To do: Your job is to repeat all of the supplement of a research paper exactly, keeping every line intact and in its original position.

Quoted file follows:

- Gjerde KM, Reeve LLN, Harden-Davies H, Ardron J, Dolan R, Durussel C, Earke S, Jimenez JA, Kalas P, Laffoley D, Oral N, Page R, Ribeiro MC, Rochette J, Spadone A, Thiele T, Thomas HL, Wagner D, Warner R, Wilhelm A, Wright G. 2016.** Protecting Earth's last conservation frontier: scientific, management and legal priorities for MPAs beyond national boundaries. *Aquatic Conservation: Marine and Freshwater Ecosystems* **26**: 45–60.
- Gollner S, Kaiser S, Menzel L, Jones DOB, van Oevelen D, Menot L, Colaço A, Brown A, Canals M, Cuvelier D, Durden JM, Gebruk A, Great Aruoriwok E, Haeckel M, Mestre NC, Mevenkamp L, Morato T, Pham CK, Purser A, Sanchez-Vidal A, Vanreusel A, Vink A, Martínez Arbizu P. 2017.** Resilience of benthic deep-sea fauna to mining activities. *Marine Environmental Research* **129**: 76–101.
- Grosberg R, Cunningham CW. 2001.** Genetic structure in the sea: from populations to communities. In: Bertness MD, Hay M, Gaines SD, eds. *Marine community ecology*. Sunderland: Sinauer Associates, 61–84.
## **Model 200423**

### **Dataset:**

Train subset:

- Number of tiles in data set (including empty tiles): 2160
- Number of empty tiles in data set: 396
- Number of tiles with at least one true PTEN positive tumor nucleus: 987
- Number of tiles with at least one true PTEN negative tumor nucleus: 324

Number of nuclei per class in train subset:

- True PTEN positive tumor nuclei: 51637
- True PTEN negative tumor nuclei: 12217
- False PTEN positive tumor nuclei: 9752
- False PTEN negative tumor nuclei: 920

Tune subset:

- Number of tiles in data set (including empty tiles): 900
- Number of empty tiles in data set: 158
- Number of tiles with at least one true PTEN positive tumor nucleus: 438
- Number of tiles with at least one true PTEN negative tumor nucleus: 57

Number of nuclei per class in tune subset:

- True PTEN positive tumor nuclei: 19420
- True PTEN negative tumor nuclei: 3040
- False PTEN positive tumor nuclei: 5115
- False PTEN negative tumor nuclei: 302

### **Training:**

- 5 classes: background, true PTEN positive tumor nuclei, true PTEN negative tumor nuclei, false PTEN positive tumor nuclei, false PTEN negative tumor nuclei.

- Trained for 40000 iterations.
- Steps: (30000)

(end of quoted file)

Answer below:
- Gjerde KM, Reeve LLN, Harden-Davies H, Ardron J, Dolan R, Durussel C, Earke S, Jimenez JA, Kalas P, Laffoley D, Oral N, Page R, Ribeiro MC, Rochette J, Spadone A, Thiele T, Thomas HL, Wagner D, Warner R, Wilhelm A, Wright G. 2016.** Protecting Earth's last conservation frontier: scientific, management and legal priorities for MPAs beyond national boundaries. *Aquatic Conservation: Marine and Freshwater Ecosystems* **26**: 45–60.
- Gollner S, Kaiser S, Menzel L, Jones DOB, van Oevelen D, Menot L, Colaço A, Brown A, Canals M, Cuvelier D, Durden JM, Gebruk A, Great Aruoriwok E, Haeckel M, Mestre NC, Mevenkamp L, Morato T, Pham CK, Purser A, Sanchez-Vidal A, Vanreusel A, Vink A, Martínez Arbizu P. 2017.** Resilience of benthic deep-sea fauna to mining activities. *Marine Environmental Research* **129**: 76–101.
- Grosberg R, Cunningham CW. 2001.** Genetic structure in the sea: from populations to communities. In: Bertness MD, Hay M, Gaines SD, eds. *Marine community ecology*. Sunderland: Sinauer Associates, 61–84.
## **Model 200423**

### **Dataset:**

Train subset:

- Number of tiles in data set (including empty tiles): 2160
- Number of empty tiles in data set: 396
- Number of tiles with at least one true PTEN positive tumor nucleus: 987
- Number of tiles with at least one true PTEN negative tumor nucleus: 324

Number of nuclei per class in train subset:

- True PTEN positive tumor nuclei: 51637
- True PTEN negative tumor nuclei: 12217
- False PTEN positive tumor nuclei: 9752
- False PTEN negative tumor nuclei: 920

Tune subset:

- Number of tiles in data set (including empty tiles): 900
- Number of empty tiles in data set: 158
- Number of tiles with at least one true PTEN positive tumor nucleus: 438
- Number of tiles with at least one true PTEN negative tumor nucleus: 57

Number of nuclei per class in tune subset:

- True PTEN positive tumor nuclei: 19420
- True PTEN negative tumor nuclei: 3040
- False PTEN positive tumor nuclei: 5115
- False PTEN negative tumor nuclei: 302

### **Training:**

- 5 classes: background, true PTEN positive tumor nuclei, true PTEN negative tumor nuclei, false PTEN positive tumor nuclei, false PTEN negative tumor nuclei.

- Trained for 40000 iterations.
- Steps: (30000)